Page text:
Head in the Clouds

On this blog and elsewhere, you've probably come across the term "cloud computing". If you're not familiar with system architecture, the term is rather obscure... and as we know, obscurity can be a bit scary.

But fear not. Not only is cloud computing not all that scary, but it's something you could be using to your benefit!

What Is It?

The term "cloud computing" is a reference to an old practice in system architecture design... in the design documents, a cloud symbol has been traditionally used to represent the Internet. So, in essence, cloud computing is Internet computing, where the kinds of work that is traditionally done by your own computer instead happens on some anonymous server somewhere on the Internet.

Another, more familiar, term for cloud computing is "hosted services", where your data and/or software is physically hosted by another company on your behalf.

What's It For?

Just about anything really. Cloud computing refers to the way your data and software work, but what you use that data and software for is up to you. These days, you can do just about anything in a cloud-based service that you can do with normal software, although not everyone is ready to make the full transition yet.

Let's look at one of the most common uses for cloud computing: backups.

Backing Up to the Cloud

As anyone who has ever lost data can tell you, one of the most important bits of your technology infrastructure is the ability to create and access backups. In case your computer crashes or gets stolen, you still need access to your important stuff.

External Hard Drive
A popular solution to this problem is an external hard drive: a shiny box sitting next to your computer where you can manually save copies of your files. But what if someone breaks into your office and steals your computer? What's stopping them from stealing your hard drive too?

Another common solution is to have a backup server somewhere on your network, usually sitting with the boys in IT downstairs. You might be able to access a shared drive where you can store copies of your documents in case something happens to your machine. But what if your office building burns down with both your computer and the backup server inside it?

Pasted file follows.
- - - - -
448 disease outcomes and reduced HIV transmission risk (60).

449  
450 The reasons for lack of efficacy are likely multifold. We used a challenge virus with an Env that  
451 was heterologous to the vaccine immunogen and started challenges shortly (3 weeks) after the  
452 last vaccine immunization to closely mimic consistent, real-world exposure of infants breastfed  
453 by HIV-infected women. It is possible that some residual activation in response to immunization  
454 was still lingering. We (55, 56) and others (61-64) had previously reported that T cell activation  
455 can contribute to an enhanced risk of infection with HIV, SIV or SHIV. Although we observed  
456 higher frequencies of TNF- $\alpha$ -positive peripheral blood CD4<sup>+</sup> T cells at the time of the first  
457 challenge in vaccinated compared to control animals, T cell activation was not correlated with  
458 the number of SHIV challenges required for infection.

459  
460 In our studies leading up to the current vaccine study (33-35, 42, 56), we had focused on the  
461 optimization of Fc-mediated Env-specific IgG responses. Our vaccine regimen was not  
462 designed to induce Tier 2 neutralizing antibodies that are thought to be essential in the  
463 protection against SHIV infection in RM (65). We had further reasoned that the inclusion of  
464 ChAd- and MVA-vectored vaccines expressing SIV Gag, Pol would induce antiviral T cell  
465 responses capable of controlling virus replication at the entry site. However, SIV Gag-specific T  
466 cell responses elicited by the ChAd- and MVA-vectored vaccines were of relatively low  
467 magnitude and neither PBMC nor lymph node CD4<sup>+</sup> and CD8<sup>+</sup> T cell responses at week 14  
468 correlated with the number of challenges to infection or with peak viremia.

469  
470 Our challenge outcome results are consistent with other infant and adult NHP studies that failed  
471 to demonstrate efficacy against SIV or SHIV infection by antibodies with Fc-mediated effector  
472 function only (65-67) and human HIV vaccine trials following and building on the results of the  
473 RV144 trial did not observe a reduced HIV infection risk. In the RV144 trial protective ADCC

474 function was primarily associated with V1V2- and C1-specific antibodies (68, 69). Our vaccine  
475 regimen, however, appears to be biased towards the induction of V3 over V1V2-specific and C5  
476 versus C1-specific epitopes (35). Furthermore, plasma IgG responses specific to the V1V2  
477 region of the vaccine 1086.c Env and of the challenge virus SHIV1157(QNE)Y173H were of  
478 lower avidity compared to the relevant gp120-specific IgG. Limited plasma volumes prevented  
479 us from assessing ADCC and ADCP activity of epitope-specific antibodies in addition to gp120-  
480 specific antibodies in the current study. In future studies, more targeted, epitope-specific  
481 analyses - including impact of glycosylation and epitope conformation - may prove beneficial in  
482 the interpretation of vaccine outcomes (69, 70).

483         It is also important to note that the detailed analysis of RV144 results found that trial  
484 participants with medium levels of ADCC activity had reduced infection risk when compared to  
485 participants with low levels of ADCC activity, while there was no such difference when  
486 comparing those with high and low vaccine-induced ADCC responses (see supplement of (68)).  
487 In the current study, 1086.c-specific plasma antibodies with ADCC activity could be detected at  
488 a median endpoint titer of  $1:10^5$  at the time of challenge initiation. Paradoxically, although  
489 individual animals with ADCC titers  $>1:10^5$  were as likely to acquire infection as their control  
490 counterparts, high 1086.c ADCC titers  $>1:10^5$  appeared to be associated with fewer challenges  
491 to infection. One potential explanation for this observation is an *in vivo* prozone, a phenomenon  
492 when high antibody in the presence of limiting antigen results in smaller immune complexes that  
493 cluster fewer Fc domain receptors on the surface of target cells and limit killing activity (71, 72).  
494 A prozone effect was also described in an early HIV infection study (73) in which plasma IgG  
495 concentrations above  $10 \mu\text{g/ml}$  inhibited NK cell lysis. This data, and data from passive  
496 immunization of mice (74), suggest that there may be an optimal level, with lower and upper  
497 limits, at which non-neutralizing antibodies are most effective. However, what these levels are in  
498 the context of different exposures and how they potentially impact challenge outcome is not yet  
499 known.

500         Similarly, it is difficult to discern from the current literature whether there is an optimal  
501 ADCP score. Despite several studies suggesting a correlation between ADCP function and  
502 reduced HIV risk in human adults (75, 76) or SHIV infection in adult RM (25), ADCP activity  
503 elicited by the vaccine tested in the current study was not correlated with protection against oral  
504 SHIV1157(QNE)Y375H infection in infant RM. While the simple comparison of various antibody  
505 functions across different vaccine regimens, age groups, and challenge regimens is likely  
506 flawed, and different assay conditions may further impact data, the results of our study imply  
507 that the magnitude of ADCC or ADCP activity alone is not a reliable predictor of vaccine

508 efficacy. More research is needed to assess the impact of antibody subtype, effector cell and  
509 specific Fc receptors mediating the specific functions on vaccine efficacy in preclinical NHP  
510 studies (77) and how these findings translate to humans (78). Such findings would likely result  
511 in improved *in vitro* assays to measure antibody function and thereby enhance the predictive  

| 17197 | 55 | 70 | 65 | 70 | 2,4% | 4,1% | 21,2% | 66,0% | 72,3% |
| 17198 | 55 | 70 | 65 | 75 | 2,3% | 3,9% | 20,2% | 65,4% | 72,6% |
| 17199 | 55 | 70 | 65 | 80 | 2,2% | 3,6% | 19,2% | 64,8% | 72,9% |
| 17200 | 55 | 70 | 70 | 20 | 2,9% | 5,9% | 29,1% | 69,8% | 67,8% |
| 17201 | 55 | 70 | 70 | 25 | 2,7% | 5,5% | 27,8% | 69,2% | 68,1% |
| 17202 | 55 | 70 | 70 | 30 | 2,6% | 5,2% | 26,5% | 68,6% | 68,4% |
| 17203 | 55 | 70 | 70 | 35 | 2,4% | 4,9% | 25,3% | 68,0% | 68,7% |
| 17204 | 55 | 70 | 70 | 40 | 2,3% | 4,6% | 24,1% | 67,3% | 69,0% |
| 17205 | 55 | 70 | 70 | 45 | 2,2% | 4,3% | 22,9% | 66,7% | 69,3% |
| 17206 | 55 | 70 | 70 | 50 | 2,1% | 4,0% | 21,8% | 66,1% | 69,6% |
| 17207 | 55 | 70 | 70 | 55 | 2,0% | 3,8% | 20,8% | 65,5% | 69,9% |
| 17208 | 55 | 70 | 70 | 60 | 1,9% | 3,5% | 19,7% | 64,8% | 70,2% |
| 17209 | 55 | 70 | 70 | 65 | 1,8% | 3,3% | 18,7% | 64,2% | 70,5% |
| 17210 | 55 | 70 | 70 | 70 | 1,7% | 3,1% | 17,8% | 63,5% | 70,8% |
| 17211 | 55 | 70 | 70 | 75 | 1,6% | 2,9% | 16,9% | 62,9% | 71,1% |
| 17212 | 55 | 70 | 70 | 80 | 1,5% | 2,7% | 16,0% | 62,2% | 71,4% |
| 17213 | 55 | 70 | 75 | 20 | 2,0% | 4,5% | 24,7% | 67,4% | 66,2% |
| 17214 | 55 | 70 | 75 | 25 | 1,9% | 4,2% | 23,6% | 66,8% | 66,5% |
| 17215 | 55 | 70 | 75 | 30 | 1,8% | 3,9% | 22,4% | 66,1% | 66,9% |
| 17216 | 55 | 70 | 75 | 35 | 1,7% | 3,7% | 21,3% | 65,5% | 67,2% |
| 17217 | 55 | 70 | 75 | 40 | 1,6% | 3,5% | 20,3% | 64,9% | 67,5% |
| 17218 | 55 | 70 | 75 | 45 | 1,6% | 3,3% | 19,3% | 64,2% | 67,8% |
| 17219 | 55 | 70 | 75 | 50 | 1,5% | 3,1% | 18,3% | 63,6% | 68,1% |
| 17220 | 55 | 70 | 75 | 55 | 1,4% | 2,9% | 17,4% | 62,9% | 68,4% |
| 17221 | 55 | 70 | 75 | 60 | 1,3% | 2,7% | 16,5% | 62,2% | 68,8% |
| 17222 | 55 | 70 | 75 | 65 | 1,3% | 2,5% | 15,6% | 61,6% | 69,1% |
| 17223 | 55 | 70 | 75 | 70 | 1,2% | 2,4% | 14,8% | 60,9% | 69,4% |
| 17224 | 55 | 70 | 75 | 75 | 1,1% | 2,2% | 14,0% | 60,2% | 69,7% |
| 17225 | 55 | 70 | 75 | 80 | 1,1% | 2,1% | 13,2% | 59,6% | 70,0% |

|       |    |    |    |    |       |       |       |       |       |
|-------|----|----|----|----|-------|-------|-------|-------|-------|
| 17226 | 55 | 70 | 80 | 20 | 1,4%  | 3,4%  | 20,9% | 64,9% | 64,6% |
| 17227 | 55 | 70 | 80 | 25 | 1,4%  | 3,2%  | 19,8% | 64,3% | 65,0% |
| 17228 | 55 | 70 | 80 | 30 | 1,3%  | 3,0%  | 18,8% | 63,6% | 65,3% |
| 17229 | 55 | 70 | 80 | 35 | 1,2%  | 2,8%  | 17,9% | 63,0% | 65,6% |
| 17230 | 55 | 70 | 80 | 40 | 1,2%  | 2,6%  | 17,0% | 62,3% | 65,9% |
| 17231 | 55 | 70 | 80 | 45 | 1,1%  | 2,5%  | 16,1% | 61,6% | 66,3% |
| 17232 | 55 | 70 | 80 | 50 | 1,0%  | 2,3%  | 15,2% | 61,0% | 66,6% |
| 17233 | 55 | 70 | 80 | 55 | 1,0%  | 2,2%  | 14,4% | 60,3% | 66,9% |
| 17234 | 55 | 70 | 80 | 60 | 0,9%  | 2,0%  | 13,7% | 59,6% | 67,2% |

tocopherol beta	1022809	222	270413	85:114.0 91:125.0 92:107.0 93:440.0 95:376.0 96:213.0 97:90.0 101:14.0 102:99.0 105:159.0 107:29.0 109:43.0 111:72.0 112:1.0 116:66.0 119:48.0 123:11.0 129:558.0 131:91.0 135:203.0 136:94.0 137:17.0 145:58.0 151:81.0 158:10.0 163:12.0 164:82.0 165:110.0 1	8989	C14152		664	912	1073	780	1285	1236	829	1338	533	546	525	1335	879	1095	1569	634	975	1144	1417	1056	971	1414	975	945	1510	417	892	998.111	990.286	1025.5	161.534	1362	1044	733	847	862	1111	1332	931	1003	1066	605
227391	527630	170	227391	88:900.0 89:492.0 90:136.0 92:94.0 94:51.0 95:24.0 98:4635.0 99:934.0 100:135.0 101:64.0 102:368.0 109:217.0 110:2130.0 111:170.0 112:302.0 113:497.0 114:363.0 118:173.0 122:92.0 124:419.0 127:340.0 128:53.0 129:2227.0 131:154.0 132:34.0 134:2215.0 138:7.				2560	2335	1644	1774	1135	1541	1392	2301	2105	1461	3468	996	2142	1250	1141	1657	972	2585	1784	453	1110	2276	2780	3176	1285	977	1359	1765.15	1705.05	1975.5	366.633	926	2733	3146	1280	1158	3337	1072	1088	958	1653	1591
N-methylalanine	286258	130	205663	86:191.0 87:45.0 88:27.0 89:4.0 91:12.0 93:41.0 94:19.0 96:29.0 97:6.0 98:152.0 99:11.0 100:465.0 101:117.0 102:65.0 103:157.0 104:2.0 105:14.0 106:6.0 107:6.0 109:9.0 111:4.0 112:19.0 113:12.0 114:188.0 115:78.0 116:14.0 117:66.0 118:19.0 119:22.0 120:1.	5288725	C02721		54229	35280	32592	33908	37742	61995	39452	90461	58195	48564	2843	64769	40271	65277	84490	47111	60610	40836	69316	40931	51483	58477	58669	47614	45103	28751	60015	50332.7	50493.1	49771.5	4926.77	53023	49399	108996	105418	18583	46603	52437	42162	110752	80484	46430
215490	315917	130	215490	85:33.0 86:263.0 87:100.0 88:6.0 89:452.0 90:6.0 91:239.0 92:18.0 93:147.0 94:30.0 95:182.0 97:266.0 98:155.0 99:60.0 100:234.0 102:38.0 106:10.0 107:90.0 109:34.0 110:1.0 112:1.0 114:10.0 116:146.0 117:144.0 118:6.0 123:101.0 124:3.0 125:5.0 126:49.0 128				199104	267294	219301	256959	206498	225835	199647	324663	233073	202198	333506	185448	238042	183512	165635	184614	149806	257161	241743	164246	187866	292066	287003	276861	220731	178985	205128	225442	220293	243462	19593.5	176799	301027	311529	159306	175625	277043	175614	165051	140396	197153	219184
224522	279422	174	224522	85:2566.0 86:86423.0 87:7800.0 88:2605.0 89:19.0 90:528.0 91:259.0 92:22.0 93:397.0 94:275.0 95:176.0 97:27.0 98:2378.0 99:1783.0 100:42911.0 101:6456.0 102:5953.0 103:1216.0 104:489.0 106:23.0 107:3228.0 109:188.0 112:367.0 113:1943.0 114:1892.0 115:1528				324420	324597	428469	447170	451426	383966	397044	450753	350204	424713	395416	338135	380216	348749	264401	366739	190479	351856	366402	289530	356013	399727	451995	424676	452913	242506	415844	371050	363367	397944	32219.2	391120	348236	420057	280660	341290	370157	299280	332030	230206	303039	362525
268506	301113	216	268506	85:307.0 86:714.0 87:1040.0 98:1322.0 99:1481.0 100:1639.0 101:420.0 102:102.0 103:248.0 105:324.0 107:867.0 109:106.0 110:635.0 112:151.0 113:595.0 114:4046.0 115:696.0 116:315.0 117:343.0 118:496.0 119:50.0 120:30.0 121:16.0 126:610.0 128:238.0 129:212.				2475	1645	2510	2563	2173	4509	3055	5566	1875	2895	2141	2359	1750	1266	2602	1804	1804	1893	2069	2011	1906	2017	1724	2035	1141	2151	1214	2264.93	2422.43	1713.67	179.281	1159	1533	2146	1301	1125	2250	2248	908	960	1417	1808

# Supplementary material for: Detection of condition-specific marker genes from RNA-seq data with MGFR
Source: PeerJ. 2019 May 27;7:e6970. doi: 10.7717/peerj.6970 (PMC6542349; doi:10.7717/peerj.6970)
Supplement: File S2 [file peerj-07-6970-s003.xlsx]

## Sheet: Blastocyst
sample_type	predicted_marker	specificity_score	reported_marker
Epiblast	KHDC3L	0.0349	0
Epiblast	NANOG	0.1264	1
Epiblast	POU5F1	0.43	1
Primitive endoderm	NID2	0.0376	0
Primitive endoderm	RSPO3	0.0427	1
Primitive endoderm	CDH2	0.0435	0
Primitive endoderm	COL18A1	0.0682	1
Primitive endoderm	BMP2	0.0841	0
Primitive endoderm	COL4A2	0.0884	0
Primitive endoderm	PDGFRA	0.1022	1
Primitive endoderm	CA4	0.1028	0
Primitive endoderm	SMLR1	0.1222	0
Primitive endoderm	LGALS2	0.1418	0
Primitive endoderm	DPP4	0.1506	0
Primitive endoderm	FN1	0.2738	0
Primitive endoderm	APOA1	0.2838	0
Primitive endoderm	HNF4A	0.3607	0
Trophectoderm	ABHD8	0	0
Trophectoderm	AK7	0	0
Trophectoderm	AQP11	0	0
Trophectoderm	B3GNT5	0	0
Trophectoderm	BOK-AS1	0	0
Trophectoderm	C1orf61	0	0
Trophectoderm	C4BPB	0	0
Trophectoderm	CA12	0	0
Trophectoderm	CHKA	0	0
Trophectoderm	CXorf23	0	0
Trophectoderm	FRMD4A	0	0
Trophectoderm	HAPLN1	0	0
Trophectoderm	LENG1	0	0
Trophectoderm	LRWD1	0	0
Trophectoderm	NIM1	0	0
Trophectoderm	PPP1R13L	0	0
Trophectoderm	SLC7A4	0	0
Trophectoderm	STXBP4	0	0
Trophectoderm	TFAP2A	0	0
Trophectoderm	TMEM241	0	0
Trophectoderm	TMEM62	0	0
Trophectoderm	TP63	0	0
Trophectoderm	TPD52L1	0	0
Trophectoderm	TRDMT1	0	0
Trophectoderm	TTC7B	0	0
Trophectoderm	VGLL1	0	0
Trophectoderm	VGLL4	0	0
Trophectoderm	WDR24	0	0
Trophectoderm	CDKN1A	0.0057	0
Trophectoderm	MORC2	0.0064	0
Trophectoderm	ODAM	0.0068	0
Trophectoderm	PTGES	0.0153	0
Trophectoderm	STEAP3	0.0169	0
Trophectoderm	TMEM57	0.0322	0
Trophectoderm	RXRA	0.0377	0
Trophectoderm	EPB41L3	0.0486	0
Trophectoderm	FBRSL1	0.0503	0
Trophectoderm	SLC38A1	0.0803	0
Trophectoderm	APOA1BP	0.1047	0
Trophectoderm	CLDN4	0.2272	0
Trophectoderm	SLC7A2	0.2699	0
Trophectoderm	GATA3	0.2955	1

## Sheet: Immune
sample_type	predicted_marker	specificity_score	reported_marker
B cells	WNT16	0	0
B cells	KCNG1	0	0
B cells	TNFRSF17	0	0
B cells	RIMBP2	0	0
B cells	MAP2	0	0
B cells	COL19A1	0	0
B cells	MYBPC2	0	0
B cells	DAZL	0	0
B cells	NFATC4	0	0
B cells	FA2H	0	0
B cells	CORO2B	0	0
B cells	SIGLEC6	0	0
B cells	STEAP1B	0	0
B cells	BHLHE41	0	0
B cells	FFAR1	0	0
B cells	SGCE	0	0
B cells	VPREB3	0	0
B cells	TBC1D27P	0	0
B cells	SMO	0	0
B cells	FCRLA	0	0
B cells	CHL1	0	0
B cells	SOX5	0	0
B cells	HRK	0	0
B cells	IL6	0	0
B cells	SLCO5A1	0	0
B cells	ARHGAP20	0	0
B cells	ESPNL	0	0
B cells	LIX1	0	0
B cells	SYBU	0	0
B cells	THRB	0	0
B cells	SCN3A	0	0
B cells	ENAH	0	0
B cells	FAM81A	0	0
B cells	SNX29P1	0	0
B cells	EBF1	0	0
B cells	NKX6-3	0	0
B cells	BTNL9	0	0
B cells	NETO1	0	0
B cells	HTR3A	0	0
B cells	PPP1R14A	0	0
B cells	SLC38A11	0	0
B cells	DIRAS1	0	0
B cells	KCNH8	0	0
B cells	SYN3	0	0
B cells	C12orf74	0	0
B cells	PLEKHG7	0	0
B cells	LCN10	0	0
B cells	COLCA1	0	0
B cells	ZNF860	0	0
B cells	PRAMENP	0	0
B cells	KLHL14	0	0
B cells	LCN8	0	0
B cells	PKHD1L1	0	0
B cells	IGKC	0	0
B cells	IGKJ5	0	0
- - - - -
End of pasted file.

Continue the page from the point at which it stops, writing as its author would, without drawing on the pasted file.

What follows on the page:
A better option, surely, would be to save your backups somewhere far away, but still easy to get to. And that's what cloud-based backups do: you upload your files (either manually or automatically) to a server somewhere in the cloud. If something happens to your computer, you can just log into your account from another computer and be up and working again in minutes!

But what if something happens to the cloud server? Well, that's not your problem. That server has its own team of engineers and technicians whose job it is to worry about exactly that. They manage backups of your backups, disaster recovery plans and rollover servers on your behalf, so that you don't have to. Even if the worst happens, odds are the only impact on you will be that their service might be unavailable for a few minutes.

Outsource the Risk

And therein lies the biggest advantage to cloud computing: the cloud guys manage the risk so you don't have to. All you need to do is pay the subscription fee (if there is one) and they'll handle all the hard work. As long as you've got an Internet connection, your stuff will be working.

For personal use, I use DropBox for my cloud-based backups. It creates a folder on your computer, and any files you put in the folder are automatically uploaded to the cloud. If you install DropBox on another computer, it downloads all those files to that computer and then keeps them synced. There are even apps that allow you to access your DropBox from your smartphone, and it gives you the ability to share files and folders with your friends or with the Internet. All for free (or for a modest fee if you need more space).

There are also cloud-based backups available for more specific uses: Picasa Web Albums allows you to backup and share your photos, Evernote keeps a copy of your notes (including audio and photographic notes) in the cloud and so on. And there are plenty others to choose from.

Most cloud-based backup services offer a free service intended for personal use, as well as an upgraded paid-version (with more space, added features and that sort of thing) for more active users or corporates.

If you haven't already got yourself a backup space in the cloud, what are you waiting for? Go!


  1. One thing to keep in mind is that you pay for everything that you backup in bandwith. So unless you have reasonably fast, uncapped internet, it's not feasible to backup say, your music collection, or videos, unless it's a small amount. Then a local and offsite copy is still the best option.

    But that only applies if your documents is a lot, most users just need to backup documents, and perhaps email archives.

  2. That's an important point, Jaco, thanks.

    There are services (like Carbonite) that allow you to effectively backup your entire hard drive... gigabytes of data going up and down can be very expensive for us here in South Africa.

  3. Well, hopefully data costs will start to come down soon.

  4. Indeed. With all the fibre going into the ground in SA's major centres, as well as new wireless technologies on the horizon, I think we can probably expect to see our first affordable (really) uncapped data plans arriving in the next 24 months or so.

    When that happens, cloud computing becomes that much more compelling for us, and full cloud backups even more so.